I’m supposed to be doing some emergency coding this weekend – hence the unusually high level of blogging activity 😉 St Nectan’s Glen has been a popular subject on the psychicQuesting.com website over the years. It contains one of the most recent comments in the forums and the only set of photos in the photo gallery (click here to see the forum thread). I think a large part of this has to do with the impact of Yuri’s drawing.
On another track, I’ve been reading the Magdalene Line books by Kathleen McGowan (finished "The Expected One", half-way through "The Book of Love"). The books take as their starting point the very well-trodden, and perhaps now over-familiar, territory of "The Holy Blood/Holy Grail" & "Da Vinci Code" with Mary Magdalene as the wife of Jesus and mother of his children. However, she does take this is a new direction and the style is very different to anything else I’ve read. Interspersed with the novel "proper" are excerpts from Mary Magdalene’s own Gospel. In addition the relationships between the characters are carefully detailed so that by the end of the first book, the author has painted a vibrant and engaging picture of the earliest days of the Christian church and the people who drive it forward. Whether you believe this to be historically accurate (and, as mentioned, Kathleen* does introduce some very original twists into the familiar material) is an entirely different question but it doesn’t detract from the strength of the novel.
The structure of the novel is a standard split-time sequence. A modern investigator, using a combination of historical research and visionary experience, unravels the ancient threads while the information she learns about the time of the Christians is played as cut-scene sequences shot from the perspective of Mary Magdalene. The "ancient" sequences thus have something of the style of Geraldine Cummings’ books – only infinitely more readable! Where it gets very interesting for me is that at the end of the book, in the Afterword, Kathleen writes that the lead character who has been on this voyage of discovery is actually a novelistic version of herself. So suddenly we are to understand (and there are no clues that this admission is itself a fictional, post-modern flourish although I guess this is always a possibility) that Kathleen McGowan has, "in true life" (as my kids say when they want to make it clear that they are moving out of the world of make-believe), been on a quest to uncover the path of Mary Magdalene and the earliest proto-Christians – a quest on which she has experienced psychic flashes, full-on visions and uncovered genuine historical artefacts. All of which exactly describes Psychic Questing.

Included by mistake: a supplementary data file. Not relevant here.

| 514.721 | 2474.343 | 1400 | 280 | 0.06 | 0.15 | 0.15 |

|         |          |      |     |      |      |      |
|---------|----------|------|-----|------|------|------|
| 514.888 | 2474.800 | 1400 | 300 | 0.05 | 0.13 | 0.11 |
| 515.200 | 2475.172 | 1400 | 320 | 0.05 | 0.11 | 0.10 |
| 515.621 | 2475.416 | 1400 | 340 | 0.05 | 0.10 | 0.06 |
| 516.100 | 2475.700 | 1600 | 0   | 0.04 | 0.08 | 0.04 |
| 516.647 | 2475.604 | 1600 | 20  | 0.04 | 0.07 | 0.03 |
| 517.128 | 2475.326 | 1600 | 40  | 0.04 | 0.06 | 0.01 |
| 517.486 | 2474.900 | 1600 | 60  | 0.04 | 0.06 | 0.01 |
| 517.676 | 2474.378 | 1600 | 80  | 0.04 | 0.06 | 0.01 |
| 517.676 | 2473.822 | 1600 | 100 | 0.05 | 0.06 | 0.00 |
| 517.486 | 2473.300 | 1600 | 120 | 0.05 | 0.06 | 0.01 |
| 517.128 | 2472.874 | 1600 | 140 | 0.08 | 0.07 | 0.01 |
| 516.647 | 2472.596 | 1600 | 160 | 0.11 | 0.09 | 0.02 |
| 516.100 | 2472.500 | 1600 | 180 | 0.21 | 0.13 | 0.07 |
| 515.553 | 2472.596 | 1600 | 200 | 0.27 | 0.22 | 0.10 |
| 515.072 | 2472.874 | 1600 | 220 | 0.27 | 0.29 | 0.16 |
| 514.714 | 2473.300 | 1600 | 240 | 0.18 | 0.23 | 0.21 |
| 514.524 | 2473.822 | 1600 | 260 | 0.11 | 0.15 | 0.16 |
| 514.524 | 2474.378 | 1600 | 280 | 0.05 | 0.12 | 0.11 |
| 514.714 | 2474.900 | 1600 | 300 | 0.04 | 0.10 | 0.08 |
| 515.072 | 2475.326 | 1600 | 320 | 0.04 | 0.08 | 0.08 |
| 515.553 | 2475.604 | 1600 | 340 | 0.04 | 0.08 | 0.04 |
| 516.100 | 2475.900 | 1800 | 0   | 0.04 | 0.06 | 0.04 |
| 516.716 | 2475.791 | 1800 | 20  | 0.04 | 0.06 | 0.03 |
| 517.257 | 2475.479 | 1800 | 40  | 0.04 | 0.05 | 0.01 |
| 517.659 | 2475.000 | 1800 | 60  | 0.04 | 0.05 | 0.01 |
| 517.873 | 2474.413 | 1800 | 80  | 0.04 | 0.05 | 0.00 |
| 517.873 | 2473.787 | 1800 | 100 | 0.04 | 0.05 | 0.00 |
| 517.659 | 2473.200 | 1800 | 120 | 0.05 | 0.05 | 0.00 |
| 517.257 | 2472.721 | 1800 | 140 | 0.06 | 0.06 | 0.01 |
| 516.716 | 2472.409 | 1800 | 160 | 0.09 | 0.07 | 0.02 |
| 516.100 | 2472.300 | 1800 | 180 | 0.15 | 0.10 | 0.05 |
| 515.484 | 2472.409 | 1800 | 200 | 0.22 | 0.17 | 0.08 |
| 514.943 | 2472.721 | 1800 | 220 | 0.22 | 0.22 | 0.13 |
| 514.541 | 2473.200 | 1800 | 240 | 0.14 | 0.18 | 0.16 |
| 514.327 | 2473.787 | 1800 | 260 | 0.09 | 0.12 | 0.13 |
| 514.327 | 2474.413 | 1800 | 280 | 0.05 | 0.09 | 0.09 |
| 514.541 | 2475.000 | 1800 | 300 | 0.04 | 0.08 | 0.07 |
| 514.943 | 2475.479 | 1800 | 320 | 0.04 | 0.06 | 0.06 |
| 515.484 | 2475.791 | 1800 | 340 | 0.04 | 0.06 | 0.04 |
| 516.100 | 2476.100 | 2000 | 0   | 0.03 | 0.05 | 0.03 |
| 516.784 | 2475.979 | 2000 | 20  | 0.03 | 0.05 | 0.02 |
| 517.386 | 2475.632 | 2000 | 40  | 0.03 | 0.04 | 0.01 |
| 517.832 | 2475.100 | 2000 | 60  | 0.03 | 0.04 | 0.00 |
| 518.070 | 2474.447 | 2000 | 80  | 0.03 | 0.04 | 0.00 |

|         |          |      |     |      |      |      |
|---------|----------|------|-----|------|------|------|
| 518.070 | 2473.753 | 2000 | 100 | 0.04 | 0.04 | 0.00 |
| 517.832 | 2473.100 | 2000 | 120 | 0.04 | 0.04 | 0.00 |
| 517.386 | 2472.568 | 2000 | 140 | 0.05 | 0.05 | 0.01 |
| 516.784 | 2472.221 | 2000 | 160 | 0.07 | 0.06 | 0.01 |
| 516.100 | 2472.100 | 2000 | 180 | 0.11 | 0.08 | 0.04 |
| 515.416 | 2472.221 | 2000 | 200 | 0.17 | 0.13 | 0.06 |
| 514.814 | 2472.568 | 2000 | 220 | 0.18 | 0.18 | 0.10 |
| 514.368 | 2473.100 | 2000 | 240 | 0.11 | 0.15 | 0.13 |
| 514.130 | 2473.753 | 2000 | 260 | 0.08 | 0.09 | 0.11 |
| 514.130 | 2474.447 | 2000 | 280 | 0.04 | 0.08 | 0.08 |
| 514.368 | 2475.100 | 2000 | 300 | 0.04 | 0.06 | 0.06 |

As I was reading the books, I kept experiencing a nagging sense of deja vu. Finally I realised that I was subconsciously comparing the books to Louise Langley’s book "The Sacred Quest". "The Sacred Quest" is also written in the third person although the protagonist is acknowledged to be Louise herself. It too features the theme of an unbroken bond of sacred love that transcends time. It highlights the relationship between Jesus and Mary Magdalene. It details the upheaval in the life of its (female) protagonist and shows her moving out of what has been her normal day-to-day existence and into a more authentic, spiritual way of life. Both have strong connections to Ireland.
I’m not sure how pleased either author would be about their books being compared and I do it only to show that it feels like something more is at work here. If, as artists, they are tuned to the vibrations of coming events should we expect that such experiences will become much more prevalent? And what impact will this have on society? I am personally deeply suspicious of the whole 2012 thing (which seems to be a natural continuation of the older new-age "Age of Aquarius" meme). We all face our personal apocalypses and we tend to project our fears about this onto the outside world. On the other hand, there are some very weird things happening (and this investigation is obviously the meta-theme of my blog). Scientists have reached down to touch the bottom of reality, trying to get hold of the smallest "chunk" of solid matter. But like a cartoon character suspended in mid-air above a canyon, when they reach out around them, the solid base they thought was there has completely disappeared. Far from our world being built up from tiny bricks, the foundation appears to nothing more substantial than clouds of probability. If science can suggest that consciousness plays a part in creating the physical world around us then, it is important to pay attention to emerging global patterns of consciousness.
But I digress…I guess I’m wondering whether Louise and Kathleen form the vanguard of something that we will soon be commonly observing (and even experiencing for ourselves).
One last point. Joseph of Arimathea and his role as tin trader and his visits to Britain also play a part in Kathleen’s books. This legend, as popularised in the hymn version of William Blake’s poem "And Did Those Feet in Ancient times…" has just been picked up by Louise in a post on her blog. And the connection for her was made at…St Nectan’s Glen. It seems that there is some special energy there that may warrant further investigation…
[* As I go on to refer to Louise Langley as "Louise", it seemed to jar and be slightly hostile if I was referring side-by-side to Kathleen McGowan as "McGowan". I hope Ms McGowan will forgive me the over-familiar use of her first name.]